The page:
The only way to control and prevent rabies is to vaccinate either before exposure or immediately after exposure. All bite wounds and scratches should be treated as soon as possible after exposure. The bitten area should be washed immediately with soap or dish soap and running water for about 15 minutes. If soap is not available, wash thoroughly with water alone. Recall, Wound washing is the first aid treatment against rabies. If the bite site is bleeding, apply pressure with a sterile cloth and apply an iodized or similar antiseptic to the wound and see a doctor immediately. The wound should not be covered with dressings or bandages. Avoid applying local traditional remedies such as jhhad-phoonk, gobar, castor oil, turmeric, or irritants such as chili powder, vegetable juices, acids and alkalis on the wound. Whenever possible, the biting animal should be safely caged and gather information about the type of animal that bit, if it was a wild or stray animal, or a domestic animal, if its vaccination was up to date, if the animal was strange behaved or any unusual behavior and the bite conditions. This information should be made available to healthcare professionals for further evaluation and treatment. The biting animal should be locked up and kept under observation for 10 days. If the animal is rabid, it will usually show clinical signs or die within the 10 day observation period. However, it is not advisable to simply observe the biting animal for 10 days without starting post-exposure prophylaxis (PEP).
The PEP can be converted into a PrEP (pre-exposure prophylaxis) if the animal remains healthy during the observation period. There are currently not an effective treatment for rabies after the onset of clinical symptoms.
PEP:It is the administration of a rabies vaccine with or without rabies immunoglobulin (RIG) after exposure to rabies. The Rabies PEP regimen involves the administration of four doses of rabies vaccine given intramuscularly on days 0, 3, 7 and 14. For immunocompromised individuals, a fifth dose can be given on day 28. RIG should be administered for severe Category III exposures and infiltrated into wounds that require suturing. RIG and the first dose of rabies vaccine will be given on the first day of treatment (day 0). RIG can be given up to the 7th day after the first rabies vaccination. Depending on the nature of the wound, doctors will give you antibiotics, analgesics, and tetanus vaccines.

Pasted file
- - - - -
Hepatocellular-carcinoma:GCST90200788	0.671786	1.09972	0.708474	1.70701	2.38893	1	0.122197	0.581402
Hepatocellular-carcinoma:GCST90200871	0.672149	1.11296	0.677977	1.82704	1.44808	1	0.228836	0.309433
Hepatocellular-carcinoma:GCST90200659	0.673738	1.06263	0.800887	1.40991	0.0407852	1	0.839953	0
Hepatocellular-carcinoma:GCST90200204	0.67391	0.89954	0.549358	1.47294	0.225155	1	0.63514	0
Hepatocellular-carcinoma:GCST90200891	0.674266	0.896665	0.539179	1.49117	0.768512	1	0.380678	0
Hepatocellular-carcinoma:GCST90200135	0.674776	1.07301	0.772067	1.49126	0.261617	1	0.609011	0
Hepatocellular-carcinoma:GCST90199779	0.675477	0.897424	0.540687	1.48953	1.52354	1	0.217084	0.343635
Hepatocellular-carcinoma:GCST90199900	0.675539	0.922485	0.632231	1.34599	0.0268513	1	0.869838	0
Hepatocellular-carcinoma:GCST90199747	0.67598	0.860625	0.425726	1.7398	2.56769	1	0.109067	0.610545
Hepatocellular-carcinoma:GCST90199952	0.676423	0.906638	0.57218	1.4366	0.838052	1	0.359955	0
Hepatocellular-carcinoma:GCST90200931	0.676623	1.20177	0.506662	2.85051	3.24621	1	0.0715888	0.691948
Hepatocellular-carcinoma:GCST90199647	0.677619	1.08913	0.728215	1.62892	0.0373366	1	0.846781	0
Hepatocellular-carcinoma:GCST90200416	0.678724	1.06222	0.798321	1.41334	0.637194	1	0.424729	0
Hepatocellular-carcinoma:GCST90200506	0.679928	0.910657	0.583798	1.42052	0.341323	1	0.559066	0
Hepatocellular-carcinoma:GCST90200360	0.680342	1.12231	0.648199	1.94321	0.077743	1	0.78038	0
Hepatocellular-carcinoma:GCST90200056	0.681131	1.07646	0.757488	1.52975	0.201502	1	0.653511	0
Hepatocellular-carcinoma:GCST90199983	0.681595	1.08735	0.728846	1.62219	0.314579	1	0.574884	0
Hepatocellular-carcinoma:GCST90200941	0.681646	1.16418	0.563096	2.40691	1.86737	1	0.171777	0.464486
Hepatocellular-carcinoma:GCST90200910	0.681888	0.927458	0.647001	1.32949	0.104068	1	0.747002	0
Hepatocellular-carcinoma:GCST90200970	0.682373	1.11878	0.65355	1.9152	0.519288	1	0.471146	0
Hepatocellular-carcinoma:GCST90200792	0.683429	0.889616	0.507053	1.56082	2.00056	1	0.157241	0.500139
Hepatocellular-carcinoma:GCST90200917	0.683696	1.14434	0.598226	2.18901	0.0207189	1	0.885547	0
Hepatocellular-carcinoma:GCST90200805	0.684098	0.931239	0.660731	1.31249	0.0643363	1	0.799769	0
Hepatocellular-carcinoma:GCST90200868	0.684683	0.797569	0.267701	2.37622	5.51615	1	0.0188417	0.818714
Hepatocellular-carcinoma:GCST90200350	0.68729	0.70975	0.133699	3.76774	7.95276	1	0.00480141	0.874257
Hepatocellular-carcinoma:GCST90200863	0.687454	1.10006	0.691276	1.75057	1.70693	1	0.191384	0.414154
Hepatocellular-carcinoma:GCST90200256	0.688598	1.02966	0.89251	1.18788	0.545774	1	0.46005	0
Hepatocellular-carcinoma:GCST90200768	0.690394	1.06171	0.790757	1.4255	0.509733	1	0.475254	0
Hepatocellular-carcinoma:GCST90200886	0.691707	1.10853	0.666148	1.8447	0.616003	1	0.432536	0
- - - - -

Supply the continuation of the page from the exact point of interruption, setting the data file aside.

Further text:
PrEP: It is the administration of multiple doses of vaccines to prevent exposure to rabies. The rabies PrEP regimen involves the administration of two doses of rabies vaccine given intramuscularly on days 0 and 7. A person bitten by a dog who has previously received either pre- or post-exposure rabies prophylaxis does not require the administration of RIG. You should only receive two rabies booster vaccinations on days 0 and 3 after exposure.
Canine vaccination and bite prevention are keys to preventing the transmission of the rabies virus between and from dog to humans. The primary vaccination against rabies should be given at the age of 3 months and the booster vaccination should be given annually. The World Health Organization (WHO) mandates that at least 80% of dogs must be vaccinated annually to break the rabies transmission cycle. Government programs are required to set up free sterilization centers to reduce the dog population, public awareness campaigns, mass vaccinations for the entire dog population, and the provision of free drugs and / or vaccines to all rabies victims to prevent and eradicate rabies. A multi-pronged approach with a “one health program” coordinated at all levels would be a holistic solution to this threat. Among the Indian states, Sikkim in northeast India is an outlier, it is considered rabies-free after all of its strays have been neutered. To raise awareness of rabies prevention around the world, September 28th is celebrated as World Rabies Day. India recently launched its new National Action Plan to Eliminate Dog-Mediated Rabies (NAPRE) by 2030, with rabies now also being declared a reportable disease.
Adopt health, stop rabies.
Reference: Rabies website (https://www.who.int/india/health-topics/rabies)
Sangeeta Das1 *, Anu Malik1, Pankaj Deka2
1PhD Fellow, Department of Microbiology, LUVAS, Hisar, Haryana-125001
2 Assistant Professor, Department of Microbiology, CVSc, AAU, Khanapara, Guwahati-781022
Email: firstname.lastname@example.org; Tel. +91 9706590513